Herring said he’s instructed prosecutors to make an assessment of a defendant’s risk to the community. If they don’t believe the defendant poses a risk, they can recommend to a judge his release without bond, but with pretrial conditions. Prosecutors can still ask judges to hold defendants they believe pose an unacceptable risk.

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Information from: Richmond Times-Dispatch, http://www.richmond.com

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Man who overdosed while with his daughter gets probation

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CHESTERFIELD COURT HOUSE, Va. (AP) — A man who overdosed on heroin and collapsed in a Wendy’s bathroom while with his 6-month-old daughter has been put on supervised probation.

The Richmond-Times Dispatch reports that 20-year-old Daniel Brody Stephenson was sentenced on Monday to five years in jail. A judge suspended the sentence and Stephenson was given probation instead. The newspaper reports that police responded to a medical emergency at a Chesterfield Wendy’s on Oct. 31. They found Stephenson on the floor and revived him. The child wasn’t injured.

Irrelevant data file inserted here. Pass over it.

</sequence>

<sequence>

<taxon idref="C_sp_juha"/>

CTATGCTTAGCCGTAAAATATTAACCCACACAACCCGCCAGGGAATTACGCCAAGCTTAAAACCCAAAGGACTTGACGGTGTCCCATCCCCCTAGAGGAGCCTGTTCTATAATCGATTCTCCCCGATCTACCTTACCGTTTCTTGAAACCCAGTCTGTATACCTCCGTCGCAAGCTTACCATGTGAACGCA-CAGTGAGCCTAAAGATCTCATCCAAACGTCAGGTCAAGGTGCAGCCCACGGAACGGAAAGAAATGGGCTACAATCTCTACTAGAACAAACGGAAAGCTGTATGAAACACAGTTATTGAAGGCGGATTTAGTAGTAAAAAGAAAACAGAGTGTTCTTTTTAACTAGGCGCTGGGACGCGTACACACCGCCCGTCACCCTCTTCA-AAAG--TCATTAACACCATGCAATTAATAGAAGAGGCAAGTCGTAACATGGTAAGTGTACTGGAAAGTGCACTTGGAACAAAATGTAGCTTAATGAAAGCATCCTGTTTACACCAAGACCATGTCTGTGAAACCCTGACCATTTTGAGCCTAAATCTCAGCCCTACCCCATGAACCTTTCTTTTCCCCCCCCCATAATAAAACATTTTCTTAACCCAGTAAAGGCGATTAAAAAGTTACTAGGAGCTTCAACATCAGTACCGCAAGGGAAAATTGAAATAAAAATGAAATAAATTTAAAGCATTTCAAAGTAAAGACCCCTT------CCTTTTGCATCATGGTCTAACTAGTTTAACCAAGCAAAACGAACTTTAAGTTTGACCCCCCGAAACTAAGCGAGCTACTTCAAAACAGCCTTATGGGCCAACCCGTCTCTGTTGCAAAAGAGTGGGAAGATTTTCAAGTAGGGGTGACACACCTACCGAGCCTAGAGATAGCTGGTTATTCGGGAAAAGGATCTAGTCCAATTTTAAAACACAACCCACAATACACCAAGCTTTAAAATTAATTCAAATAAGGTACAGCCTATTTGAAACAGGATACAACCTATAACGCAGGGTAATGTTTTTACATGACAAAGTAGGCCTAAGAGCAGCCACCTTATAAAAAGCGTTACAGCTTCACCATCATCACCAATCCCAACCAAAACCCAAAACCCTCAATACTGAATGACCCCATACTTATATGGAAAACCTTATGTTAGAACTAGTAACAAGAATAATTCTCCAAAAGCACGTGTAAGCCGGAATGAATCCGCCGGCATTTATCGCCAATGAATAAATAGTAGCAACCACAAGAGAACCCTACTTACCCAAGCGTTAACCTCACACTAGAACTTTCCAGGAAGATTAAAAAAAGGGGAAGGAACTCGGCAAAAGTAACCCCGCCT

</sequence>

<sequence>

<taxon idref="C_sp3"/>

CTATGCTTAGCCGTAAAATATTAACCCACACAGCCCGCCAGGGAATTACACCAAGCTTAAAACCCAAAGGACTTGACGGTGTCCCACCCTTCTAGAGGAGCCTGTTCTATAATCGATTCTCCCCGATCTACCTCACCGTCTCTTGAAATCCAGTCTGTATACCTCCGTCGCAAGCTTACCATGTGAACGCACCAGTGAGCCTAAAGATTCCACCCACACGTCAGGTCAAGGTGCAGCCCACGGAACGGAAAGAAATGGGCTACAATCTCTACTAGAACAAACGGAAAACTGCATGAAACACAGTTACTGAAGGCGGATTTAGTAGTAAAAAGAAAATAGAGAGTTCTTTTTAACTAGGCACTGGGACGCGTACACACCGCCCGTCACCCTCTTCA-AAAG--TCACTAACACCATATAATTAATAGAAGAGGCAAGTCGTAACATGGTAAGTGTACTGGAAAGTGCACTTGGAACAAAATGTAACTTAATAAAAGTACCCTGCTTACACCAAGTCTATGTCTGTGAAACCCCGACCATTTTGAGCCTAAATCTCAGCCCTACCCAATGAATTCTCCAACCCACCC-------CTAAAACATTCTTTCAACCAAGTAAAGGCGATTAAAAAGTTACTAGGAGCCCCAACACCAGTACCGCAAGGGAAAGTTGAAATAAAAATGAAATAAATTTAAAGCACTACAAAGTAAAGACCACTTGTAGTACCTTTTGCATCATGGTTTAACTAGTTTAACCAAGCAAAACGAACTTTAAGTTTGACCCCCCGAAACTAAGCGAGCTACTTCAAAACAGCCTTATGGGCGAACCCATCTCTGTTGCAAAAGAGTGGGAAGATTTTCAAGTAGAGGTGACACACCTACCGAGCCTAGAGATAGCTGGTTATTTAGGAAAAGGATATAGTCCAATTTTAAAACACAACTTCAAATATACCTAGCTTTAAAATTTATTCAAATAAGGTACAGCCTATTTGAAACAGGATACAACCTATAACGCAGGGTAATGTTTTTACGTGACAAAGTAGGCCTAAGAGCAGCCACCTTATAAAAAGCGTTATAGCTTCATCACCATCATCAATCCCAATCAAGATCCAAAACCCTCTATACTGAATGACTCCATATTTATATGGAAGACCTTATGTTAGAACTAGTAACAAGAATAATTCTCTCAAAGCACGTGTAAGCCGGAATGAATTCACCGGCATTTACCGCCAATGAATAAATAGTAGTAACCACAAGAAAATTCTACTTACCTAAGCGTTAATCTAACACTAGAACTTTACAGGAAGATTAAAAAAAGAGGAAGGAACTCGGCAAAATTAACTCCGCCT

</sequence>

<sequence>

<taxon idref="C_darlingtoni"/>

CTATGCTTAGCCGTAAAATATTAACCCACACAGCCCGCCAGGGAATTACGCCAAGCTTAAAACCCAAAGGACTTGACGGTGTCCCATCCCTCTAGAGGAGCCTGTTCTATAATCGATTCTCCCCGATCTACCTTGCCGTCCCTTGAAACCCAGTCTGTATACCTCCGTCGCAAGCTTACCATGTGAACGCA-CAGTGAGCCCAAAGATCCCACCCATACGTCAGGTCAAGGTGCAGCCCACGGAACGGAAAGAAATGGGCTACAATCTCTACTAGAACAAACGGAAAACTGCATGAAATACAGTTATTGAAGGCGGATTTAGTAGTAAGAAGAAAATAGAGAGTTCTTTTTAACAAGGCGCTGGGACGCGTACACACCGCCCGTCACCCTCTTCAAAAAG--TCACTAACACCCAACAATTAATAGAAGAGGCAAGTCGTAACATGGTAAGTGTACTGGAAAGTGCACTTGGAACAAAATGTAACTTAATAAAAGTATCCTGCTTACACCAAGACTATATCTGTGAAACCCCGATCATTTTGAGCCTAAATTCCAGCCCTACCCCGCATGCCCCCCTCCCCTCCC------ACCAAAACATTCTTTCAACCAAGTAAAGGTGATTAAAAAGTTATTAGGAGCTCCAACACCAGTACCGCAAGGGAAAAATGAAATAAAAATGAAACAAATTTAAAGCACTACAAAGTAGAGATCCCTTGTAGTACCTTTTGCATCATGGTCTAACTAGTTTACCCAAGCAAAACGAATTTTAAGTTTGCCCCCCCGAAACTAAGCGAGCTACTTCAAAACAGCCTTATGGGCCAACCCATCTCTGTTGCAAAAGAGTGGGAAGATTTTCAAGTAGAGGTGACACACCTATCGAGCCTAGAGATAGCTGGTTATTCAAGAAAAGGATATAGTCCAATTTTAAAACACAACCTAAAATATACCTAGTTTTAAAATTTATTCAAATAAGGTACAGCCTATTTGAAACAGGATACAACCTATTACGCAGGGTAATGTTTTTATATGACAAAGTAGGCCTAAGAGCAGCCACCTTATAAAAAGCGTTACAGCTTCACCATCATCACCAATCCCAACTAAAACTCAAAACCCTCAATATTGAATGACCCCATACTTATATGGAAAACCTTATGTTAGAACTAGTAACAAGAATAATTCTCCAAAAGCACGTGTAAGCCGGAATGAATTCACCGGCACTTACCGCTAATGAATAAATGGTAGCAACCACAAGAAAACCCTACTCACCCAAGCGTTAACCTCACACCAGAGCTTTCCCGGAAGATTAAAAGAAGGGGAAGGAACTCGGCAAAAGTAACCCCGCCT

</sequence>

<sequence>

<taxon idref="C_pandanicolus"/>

Stephenson pleaded guilty to felony child neglect in January. Circuit Judge David E. Johnson said he was tempted to have Stephenson serve the full sentence behind bars, but advisory sentencing guidelines called for probation. The judge also ordered Stephenson to submit to random drug and alcohol testing.

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Information from: Richmond Times-Dispatch, http://www.richmond.com

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Lawsuit seeks details of school’s ties with Koch Foundation

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FAIRFAX, Va. (AP) — A judge is weighing whether to force a Virginia university’s philanthropic arm to disclose details of its relationship with the conservative Koch Foundation.

The Koch Foundation gives tens of millions of dollars annually to universities all over the country, but no school has received more Koch money than Fairfax-based George Mason University, which has gained a reputation as a conservative powerhouse in law and free-market economic thought.

A student-led group, Transparent GMU, has been seeking details of the school’s donor agreements with the foundation. Some students are concerned the Koch money comes with strings attached.